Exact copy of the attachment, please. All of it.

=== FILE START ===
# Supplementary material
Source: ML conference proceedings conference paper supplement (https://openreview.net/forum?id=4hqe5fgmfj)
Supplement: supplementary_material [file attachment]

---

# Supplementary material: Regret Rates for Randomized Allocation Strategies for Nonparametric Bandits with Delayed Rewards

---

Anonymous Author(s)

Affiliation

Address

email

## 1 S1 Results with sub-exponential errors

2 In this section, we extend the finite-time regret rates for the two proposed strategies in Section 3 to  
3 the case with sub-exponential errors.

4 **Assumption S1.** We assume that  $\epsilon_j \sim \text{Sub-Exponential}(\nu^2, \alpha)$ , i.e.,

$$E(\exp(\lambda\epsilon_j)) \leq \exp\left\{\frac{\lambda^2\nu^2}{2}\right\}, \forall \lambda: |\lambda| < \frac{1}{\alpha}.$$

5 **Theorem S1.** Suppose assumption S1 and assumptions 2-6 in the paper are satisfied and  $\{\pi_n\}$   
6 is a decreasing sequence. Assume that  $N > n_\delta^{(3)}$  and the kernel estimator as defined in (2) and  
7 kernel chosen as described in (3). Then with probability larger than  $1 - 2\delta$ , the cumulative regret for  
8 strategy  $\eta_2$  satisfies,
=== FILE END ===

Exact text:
# Supplementary material
Source: ML conference proceedings conference paper supplement (https://openreview.net/forum?id=4hqe5fgmfj)
Supplement: supplementary_material [file attachment]

---

# Supplementary material: Regret Rates for Randomized Allocation Strategies for Nonparametric Bandits with Delayed Rewards

---

Anonymous Author(s)

Affiliation

Address

email

## 1 S1 Results with sub-exponential errors

2 In this section, we extend the finite-time regret rates for the two proposed strategies in Section 3 to  
3 the case with sub-exponential errors.

4 **Assumption S1.** We assume that  $\epsilon_j \sim \text{Sub-Exponential}(\nu^2, \alpha)$ , i.e.,

$$E(\exp(\lambda\epsilon_j)) \leq \exp\left\{\frac{\lambda^2\nu^2}{2}\right\}, \forall \lambda: |\lambda| < \frac{1}{\alpha}.$$

5 **Theorem S1.** Suppose assumption S1 and assumptions 2-6 in the paper are satisfied and  $\{\pi_n\}$   
6 is a decreasing sequence. Assume that  $N > n_\delta^{(3)}$  and the kernel estimator as defined in (2) and  
7 kernel chosen as described in (3). Then with probability larger than  $1 - 2\delta$ , the cumulative regret for  
8 strategy  $\eta_2$  satisfies,